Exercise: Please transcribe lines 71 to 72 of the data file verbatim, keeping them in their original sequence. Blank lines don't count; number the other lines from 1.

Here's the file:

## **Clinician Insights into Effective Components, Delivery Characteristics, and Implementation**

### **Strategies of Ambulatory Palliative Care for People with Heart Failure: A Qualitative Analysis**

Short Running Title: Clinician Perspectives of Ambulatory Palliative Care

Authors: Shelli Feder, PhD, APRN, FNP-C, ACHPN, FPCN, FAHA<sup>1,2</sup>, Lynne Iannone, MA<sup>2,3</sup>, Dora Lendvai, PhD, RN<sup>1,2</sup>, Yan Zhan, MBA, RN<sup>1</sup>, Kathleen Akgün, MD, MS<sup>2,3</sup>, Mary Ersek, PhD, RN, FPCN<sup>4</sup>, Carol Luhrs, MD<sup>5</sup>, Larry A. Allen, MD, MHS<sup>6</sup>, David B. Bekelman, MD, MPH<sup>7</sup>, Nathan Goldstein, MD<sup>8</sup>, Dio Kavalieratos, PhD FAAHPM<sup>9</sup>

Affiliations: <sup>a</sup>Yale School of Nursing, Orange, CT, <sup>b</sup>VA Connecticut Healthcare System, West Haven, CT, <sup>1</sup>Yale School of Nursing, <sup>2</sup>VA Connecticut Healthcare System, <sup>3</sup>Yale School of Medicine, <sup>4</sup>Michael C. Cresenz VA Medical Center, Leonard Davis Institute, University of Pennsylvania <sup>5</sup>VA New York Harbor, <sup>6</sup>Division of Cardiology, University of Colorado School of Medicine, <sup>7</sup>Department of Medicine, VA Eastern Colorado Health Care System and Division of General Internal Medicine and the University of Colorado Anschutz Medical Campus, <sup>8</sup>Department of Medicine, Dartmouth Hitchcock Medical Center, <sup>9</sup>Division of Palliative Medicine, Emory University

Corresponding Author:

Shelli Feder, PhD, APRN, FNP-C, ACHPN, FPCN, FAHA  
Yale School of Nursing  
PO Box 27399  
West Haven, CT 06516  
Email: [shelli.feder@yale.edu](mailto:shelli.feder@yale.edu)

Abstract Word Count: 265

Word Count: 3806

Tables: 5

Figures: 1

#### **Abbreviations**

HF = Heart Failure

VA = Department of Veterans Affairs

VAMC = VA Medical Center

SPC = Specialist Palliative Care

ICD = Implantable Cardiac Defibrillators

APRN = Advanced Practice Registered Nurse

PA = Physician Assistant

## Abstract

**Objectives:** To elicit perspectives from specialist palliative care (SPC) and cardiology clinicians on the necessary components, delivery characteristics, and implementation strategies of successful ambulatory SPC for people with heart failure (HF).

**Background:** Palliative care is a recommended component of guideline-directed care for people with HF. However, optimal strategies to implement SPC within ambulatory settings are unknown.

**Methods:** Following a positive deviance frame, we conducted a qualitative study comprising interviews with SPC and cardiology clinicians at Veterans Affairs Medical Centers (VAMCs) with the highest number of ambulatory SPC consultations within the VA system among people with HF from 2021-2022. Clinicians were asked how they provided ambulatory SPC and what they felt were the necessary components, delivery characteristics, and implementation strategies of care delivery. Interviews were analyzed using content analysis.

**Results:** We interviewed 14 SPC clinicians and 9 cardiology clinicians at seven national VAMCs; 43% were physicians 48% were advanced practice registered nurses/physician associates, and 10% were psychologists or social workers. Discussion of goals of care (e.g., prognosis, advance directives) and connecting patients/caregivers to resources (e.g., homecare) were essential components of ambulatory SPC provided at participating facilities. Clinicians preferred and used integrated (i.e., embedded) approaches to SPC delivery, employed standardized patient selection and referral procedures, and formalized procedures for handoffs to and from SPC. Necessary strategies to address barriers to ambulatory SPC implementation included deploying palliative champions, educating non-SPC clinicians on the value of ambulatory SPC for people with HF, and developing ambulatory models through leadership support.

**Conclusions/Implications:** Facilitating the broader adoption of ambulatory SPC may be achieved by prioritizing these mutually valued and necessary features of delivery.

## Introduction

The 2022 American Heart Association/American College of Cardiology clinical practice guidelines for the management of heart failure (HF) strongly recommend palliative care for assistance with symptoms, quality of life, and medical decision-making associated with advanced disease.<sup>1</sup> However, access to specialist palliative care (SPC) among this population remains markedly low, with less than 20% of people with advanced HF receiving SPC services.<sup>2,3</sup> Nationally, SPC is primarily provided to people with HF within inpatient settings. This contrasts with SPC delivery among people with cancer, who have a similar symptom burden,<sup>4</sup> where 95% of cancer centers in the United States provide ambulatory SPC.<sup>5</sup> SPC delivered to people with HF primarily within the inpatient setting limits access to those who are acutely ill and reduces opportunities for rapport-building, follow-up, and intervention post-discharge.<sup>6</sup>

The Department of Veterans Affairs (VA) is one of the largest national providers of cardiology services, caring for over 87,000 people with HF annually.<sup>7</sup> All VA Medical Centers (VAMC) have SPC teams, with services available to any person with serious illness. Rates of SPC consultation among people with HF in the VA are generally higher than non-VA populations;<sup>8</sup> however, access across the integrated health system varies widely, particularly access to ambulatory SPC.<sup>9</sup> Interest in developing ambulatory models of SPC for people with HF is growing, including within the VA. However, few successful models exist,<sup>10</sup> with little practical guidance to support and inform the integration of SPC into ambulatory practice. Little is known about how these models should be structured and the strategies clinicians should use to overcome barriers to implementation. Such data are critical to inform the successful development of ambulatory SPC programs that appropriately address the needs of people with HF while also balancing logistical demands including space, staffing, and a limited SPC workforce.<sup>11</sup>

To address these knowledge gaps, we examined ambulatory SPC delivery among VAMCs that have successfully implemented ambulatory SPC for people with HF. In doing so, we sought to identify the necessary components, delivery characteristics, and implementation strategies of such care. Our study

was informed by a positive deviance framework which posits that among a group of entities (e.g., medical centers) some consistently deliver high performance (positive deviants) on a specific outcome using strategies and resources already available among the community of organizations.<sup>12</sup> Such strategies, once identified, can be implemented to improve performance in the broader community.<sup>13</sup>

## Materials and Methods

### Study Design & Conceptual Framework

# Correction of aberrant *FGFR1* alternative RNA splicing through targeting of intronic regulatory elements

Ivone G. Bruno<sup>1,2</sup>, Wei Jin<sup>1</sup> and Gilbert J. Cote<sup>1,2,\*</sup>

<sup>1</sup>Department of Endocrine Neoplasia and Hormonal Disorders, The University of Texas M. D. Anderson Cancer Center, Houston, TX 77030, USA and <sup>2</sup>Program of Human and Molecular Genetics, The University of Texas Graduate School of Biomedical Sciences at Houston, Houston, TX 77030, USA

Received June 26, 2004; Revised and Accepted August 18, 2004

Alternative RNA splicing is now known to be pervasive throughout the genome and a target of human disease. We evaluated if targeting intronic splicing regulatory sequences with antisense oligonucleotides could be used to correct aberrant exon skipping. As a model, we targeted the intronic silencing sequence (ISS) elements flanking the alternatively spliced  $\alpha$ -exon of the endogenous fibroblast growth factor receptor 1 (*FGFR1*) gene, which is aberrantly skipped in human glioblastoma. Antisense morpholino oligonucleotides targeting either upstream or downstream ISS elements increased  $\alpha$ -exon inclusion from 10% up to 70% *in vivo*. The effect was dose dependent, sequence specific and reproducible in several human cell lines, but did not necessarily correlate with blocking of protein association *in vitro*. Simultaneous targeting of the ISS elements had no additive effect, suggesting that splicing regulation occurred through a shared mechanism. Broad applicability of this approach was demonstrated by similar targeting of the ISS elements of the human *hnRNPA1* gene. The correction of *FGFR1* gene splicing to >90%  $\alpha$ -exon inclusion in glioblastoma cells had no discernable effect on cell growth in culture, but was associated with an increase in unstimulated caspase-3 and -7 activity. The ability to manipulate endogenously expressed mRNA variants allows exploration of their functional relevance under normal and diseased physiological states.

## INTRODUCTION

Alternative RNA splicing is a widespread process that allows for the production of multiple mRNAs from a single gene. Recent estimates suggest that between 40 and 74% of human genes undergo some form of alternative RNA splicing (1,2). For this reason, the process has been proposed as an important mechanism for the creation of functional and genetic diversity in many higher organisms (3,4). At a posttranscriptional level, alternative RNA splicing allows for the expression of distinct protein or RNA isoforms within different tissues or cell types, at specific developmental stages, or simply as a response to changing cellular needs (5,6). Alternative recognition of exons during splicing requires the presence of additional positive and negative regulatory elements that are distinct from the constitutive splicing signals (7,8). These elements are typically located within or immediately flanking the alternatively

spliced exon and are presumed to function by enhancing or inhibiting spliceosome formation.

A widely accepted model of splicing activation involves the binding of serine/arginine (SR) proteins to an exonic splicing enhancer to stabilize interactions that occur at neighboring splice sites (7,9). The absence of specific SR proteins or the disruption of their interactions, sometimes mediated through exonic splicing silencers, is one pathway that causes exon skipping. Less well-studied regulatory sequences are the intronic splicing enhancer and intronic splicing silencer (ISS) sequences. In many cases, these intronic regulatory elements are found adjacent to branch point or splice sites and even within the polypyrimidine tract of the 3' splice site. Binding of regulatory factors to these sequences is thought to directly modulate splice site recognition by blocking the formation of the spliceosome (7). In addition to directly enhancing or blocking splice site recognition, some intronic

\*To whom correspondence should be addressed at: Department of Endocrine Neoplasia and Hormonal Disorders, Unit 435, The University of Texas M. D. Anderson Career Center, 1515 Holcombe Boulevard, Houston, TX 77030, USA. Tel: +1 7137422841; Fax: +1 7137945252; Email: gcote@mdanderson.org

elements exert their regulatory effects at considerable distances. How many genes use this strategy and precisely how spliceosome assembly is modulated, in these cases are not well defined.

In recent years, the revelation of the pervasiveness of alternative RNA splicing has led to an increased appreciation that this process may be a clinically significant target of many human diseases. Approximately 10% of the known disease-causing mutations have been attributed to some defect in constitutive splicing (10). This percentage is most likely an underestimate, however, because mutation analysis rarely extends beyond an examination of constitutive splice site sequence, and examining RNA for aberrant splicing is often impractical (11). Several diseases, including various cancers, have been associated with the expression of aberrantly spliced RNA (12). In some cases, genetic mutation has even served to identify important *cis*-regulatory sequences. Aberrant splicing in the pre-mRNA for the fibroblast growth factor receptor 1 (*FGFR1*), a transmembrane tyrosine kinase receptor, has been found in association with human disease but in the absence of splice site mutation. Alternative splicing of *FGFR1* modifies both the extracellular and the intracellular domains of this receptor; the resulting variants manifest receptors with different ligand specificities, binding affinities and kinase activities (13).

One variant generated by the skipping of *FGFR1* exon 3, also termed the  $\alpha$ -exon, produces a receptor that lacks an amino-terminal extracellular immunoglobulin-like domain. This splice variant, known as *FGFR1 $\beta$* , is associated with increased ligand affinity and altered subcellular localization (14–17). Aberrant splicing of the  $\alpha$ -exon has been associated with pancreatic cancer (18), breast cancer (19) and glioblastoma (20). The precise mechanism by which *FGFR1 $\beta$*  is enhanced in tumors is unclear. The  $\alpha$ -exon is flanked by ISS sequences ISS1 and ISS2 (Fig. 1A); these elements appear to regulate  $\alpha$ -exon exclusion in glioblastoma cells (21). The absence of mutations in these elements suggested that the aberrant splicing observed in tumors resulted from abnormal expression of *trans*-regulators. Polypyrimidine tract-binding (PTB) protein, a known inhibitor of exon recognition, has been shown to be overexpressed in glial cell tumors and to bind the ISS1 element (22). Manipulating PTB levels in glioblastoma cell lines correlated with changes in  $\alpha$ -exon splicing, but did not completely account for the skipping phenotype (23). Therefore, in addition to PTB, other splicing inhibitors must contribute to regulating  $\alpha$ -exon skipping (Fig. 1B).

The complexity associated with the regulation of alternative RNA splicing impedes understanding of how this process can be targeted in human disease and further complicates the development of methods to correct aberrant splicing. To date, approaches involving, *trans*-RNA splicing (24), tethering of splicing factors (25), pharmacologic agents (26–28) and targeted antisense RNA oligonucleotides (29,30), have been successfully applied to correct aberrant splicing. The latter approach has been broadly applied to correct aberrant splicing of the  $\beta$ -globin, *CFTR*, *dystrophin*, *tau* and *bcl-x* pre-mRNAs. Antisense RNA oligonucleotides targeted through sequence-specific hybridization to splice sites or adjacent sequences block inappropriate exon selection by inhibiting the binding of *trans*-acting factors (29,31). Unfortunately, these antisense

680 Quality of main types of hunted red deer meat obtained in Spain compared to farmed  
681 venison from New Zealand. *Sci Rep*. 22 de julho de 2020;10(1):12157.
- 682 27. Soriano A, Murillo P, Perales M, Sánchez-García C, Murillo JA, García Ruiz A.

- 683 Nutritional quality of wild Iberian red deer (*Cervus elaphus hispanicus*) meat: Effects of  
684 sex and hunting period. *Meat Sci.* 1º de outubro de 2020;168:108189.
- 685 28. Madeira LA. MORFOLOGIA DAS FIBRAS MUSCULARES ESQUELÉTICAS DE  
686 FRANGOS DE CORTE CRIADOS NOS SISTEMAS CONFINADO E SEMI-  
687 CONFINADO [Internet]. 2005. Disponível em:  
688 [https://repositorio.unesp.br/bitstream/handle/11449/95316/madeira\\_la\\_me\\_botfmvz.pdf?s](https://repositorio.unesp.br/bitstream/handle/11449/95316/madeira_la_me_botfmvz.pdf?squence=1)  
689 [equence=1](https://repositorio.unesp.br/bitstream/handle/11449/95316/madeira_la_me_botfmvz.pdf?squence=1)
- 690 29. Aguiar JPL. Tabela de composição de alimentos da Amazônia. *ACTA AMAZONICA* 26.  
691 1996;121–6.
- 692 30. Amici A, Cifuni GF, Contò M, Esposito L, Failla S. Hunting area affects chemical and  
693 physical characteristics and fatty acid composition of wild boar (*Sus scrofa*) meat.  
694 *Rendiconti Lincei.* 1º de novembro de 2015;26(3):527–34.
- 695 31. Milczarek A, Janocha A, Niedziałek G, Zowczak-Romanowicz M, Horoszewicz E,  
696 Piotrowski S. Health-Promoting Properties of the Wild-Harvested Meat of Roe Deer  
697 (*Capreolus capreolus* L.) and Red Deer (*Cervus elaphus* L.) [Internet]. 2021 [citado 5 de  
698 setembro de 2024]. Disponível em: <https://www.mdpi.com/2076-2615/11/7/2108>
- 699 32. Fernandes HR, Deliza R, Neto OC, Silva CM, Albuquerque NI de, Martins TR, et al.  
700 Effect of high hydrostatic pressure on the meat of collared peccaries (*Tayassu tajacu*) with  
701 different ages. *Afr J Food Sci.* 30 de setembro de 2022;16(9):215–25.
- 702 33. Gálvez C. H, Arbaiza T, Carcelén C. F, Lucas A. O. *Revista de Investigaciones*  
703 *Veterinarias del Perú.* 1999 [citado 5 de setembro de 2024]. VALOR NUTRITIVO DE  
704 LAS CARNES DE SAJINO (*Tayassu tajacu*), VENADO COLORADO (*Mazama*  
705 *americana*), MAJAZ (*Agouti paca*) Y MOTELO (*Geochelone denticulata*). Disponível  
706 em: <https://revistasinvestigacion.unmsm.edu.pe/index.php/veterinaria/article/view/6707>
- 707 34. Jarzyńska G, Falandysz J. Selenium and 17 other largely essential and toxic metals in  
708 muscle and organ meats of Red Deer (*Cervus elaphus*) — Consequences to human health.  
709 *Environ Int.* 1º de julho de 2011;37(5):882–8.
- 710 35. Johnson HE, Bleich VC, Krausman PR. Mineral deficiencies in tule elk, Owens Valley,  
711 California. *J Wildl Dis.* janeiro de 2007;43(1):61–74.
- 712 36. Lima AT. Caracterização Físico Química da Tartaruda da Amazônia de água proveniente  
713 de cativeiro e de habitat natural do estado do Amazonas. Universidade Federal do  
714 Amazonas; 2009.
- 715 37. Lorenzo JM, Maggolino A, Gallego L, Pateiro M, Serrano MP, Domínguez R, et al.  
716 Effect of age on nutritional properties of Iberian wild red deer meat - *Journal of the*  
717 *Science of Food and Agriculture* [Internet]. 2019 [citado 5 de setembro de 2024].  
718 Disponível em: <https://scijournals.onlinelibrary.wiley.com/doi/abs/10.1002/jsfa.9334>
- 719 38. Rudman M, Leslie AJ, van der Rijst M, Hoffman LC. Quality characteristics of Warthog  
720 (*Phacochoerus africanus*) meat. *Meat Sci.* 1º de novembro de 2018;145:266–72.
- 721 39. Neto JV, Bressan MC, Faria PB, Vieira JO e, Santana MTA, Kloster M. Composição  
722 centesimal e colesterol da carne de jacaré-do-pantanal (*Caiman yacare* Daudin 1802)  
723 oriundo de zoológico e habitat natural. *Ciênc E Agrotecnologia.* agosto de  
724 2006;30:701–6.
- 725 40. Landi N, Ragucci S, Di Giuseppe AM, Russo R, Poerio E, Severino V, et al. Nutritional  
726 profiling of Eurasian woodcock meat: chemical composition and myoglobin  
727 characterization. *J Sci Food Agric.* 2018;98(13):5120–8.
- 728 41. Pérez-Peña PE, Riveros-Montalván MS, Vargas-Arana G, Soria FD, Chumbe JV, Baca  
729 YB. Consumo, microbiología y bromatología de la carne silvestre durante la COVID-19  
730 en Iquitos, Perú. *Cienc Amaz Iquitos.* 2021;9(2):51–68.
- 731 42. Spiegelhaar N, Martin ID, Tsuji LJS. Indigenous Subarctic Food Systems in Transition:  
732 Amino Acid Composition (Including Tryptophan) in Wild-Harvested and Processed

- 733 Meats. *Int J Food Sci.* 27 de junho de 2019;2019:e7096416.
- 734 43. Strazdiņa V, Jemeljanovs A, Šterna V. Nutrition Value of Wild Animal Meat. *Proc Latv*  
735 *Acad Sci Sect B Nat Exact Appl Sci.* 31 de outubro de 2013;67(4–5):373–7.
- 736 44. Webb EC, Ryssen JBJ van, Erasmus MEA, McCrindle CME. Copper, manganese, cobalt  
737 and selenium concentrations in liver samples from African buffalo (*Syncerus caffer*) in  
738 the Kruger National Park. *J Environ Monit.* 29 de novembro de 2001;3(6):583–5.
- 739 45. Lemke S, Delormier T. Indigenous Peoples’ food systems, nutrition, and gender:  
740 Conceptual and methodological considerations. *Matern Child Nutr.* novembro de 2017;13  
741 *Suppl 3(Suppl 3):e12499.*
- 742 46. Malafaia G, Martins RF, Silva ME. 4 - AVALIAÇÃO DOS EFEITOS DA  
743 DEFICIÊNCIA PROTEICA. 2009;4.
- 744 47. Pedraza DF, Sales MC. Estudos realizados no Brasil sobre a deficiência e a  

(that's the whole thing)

700 Effect of high hydrostatic pressure on the meat of collared peccaries (*Tayassu tajacu*) with  
701 different ages. *Afr J Food Sci.* 30 de setembro de 2022;16(9):215–25.